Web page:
Earlier this week, India joined an elite club when it successfully launched Rohit Sharma’s Test career into orbit. On a side note, we also launched the Mangalyaan mission, which will see an Indian orbiter make the trek to the Red Planet,
Chattisga Mars. There are many things to celebrate about the Mangalyaan mission. It is the most ambitious thing ISRO has attempted since their 1992 attempt to get Indian students to remember the word “Sriharikota” in their history textbooks.
The orbiter was launched by the PSLV-25 rocket, which weighed 1,337 kg at launch. What’s incredible is that even at that weight, Mangalyaan is only carrying 15 kg worth of scientific payload. Another 852 kilos of the launch vehicle’s weight is propellant, while the other 600 kilos is an assortment of readymade thepla and MTR daal-rice premix for the 14 chai breaks along the way.
The mission’s payload includes the Mars Colour Camera for optical imaging; it will take photos of Mars, following which it will add a suitable filter, tilt-shift blur and border before making it its Facebook cover photo. Also on board is a thermal infrared imaging spectrometer, which was purchased by Bangaru Laxman from Aniruddha Bahal, and of course, there’s the Mars Enospheric Neutral Composition Analyser aka MENCA, which (scientific fact) is a society for really smart people. I got all this information from the ISRO website, which is run off a server in 1997.
This mission is a tremendous achievement though, and if it succeeds, ISRO will become only the fourth agency to launch a successful bid to Mars after NASA, the European Space Agency and the Autobots. I say “if” because the launch was just one small step for man; Mangalyaan will now spend a few weeks in Earth’s orbit before it leaves for Mars at the end of the month, because it makes sense to leave after peak hours. The journey will take 10 months, which is what happens when you take Saki Naka in spite of everyone’s advice.
I’m not just proud of the fact that we’re going to Mars; I’m proud of the fact that we’ve been so damned Indian about it. For starters, we managed to pull off the mission for just $72 million, which sounds like a lot until you consider that it’s a fraction of what NASA paid, less than what Sahara paid for the Pune Warriors, and smaller than the budget for the film Gravity, which only pretended to go to space. So for any other countries that have things to send to space, come to India, we give best price.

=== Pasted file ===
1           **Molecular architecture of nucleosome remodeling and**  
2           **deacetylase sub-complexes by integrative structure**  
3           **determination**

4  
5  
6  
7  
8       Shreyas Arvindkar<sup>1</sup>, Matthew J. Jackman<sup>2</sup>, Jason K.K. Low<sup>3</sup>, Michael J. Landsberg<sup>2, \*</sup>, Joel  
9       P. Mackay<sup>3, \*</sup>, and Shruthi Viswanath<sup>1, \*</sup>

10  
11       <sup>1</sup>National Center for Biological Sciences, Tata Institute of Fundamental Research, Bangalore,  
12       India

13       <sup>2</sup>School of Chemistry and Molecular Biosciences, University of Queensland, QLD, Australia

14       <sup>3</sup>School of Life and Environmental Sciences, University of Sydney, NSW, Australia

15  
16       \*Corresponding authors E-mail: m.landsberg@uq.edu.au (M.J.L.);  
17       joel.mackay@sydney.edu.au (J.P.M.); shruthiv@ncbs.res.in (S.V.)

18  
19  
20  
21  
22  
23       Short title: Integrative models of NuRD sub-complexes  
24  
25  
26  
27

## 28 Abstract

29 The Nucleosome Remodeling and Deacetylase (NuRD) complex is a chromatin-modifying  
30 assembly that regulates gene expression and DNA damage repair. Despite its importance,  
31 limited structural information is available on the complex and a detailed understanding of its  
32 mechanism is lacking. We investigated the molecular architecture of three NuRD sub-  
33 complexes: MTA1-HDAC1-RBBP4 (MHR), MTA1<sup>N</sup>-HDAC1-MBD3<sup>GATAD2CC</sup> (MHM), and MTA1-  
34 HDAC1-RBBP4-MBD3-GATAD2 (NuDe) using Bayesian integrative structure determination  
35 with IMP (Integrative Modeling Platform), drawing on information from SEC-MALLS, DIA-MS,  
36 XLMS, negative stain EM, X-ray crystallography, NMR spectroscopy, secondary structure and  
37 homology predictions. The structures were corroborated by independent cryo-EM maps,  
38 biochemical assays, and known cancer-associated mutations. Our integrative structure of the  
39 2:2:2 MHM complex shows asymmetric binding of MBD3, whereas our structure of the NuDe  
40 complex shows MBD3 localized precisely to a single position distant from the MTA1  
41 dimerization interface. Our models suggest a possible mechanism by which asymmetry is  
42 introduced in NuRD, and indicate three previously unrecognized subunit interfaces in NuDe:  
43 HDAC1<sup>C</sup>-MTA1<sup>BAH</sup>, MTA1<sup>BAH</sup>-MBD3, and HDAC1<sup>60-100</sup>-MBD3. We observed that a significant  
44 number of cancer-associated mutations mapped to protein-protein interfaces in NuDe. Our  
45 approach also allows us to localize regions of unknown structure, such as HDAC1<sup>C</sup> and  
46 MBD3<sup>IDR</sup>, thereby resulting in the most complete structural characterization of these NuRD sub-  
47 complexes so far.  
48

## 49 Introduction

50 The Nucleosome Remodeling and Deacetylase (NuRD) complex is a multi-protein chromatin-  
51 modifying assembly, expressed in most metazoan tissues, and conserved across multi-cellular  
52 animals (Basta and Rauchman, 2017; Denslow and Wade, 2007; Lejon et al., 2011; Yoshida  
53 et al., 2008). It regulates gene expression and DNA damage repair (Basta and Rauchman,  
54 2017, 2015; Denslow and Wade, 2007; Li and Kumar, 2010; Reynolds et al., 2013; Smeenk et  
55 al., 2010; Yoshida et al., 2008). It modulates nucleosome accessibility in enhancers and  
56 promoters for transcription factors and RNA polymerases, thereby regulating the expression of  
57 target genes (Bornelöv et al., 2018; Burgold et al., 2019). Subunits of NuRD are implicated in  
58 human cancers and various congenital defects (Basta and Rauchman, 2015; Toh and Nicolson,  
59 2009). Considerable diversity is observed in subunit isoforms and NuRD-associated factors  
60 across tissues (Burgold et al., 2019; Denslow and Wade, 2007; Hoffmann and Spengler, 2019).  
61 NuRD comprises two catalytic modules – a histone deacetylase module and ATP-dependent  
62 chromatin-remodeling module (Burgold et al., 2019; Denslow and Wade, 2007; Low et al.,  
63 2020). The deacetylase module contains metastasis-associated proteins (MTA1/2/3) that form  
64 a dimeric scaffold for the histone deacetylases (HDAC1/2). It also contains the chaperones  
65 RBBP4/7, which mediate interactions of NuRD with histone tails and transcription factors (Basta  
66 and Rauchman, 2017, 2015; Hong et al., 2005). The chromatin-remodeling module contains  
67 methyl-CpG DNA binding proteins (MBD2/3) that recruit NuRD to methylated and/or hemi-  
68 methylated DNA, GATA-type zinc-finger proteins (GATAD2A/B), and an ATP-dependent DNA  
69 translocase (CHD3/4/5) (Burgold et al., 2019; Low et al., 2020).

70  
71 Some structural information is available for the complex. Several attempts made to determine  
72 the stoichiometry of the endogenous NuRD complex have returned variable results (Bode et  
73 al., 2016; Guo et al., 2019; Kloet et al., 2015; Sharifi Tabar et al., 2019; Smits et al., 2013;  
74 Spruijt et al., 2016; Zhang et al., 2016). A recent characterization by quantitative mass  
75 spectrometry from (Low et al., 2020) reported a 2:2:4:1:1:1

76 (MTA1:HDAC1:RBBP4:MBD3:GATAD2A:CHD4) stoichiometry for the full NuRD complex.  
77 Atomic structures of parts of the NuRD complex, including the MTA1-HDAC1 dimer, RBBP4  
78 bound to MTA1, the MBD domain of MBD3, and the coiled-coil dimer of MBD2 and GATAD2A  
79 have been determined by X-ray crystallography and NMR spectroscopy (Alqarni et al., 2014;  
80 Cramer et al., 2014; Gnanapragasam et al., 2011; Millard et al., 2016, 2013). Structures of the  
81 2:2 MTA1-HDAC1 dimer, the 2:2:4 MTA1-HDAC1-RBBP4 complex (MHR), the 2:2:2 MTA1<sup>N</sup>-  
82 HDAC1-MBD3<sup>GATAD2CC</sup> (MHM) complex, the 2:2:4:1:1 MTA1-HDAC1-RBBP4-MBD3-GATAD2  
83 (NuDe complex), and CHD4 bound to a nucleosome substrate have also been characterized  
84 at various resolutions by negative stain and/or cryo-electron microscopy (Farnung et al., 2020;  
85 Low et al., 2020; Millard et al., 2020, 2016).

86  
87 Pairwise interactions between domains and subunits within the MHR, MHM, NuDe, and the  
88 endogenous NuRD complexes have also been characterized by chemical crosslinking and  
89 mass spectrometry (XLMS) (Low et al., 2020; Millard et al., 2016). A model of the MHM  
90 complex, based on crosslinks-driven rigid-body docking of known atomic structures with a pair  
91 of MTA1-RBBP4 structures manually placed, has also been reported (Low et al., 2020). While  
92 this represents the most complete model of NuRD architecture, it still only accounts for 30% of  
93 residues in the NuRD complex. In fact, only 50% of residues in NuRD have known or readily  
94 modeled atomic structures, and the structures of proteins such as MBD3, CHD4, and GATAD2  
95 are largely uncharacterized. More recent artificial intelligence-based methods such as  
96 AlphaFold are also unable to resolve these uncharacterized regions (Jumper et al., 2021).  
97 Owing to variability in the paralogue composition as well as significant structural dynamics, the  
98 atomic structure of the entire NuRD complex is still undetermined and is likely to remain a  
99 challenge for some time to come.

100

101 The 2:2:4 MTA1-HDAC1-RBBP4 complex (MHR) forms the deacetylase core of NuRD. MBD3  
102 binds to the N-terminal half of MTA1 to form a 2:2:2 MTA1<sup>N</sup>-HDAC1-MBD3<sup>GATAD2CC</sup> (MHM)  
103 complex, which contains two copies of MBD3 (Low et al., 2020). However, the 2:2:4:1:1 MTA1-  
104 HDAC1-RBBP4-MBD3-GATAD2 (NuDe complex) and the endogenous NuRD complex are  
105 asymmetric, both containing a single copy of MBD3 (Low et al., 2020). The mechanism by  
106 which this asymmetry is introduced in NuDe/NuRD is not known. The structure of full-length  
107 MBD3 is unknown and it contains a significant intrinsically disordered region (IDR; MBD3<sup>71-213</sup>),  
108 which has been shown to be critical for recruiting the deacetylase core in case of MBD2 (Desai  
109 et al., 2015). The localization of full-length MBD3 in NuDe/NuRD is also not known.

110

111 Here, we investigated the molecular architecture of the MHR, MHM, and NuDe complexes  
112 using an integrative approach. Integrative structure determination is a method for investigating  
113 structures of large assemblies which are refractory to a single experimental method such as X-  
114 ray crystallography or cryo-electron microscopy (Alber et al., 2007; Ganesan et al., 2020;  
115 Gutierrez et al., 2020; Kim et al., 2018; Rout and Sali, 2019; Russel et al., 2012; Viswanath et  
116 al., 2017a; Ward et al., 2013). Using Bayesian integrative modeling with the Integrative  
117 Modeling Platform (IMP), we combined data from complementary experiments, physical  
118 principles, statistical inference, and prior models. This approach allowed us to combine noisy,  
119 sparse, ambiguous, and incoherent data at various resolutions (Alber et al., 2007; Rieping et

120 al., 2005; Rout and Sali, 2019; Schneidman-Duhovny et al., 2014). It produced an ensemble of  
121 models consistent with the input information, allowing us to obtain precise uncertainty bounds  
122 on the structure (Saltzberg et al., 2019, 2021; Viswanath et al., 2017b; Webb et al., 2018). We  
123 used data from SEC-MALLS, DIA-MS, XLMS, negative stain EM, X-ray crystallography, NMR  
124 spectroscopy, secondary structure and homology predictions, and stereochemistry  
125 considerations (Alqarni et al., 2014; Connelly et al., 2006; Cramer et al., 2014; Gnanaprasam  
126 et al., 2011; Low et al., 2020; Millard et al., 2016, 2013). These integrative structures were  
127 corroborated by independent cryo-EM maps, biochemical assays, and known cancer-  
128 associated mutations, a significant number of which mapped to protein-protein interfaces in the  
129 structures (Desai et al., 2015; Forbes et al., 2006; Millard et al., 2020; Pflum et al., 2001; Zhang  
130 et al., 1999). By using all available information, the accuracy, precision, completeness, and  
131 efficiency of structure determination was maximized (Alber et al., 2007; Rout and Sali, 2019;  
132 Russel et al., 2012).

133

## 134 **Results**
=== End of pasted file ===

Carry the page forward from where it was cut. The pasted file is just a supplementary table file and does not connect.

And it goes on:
I also love that ISRO celebrated the launch, the ultimate triumph of science, by visiting Tirupati with a scale model of the orbiter to seek blessings. Because sometimes, the only way to survive as men of science in this country is to have a little faith.
I also love how, in true Indian fashion, the politicking has begun, with the Prime Minister’s scientific advisor suggesting that ISRO could have “done more homework” and “taken more time”. If you’re scientific advisor to the PM, perhaps the first scientific advice you should give him is “Exercise your vocal chords, because biology.”
But all of that is irrelevant, because right now, as I type, and as you read, and as you go to work over the next few weeks, look up at the sky and remember that up there in the air, it isn’t a bird, it isn’t a plane; it’s a little slice of scientific ambition, making a brave 25-crore-kilometre trek on its own through the emptiness of space with a message from mankind; we’re here, we’re stepping out into our backyard, and we always always always give you the best price.
Rohan Joshi is a writer and stand-up comedian who likes reading, films and people who do not use the SMS lingo. You can contact him on www.facebook.com/therohanjoshi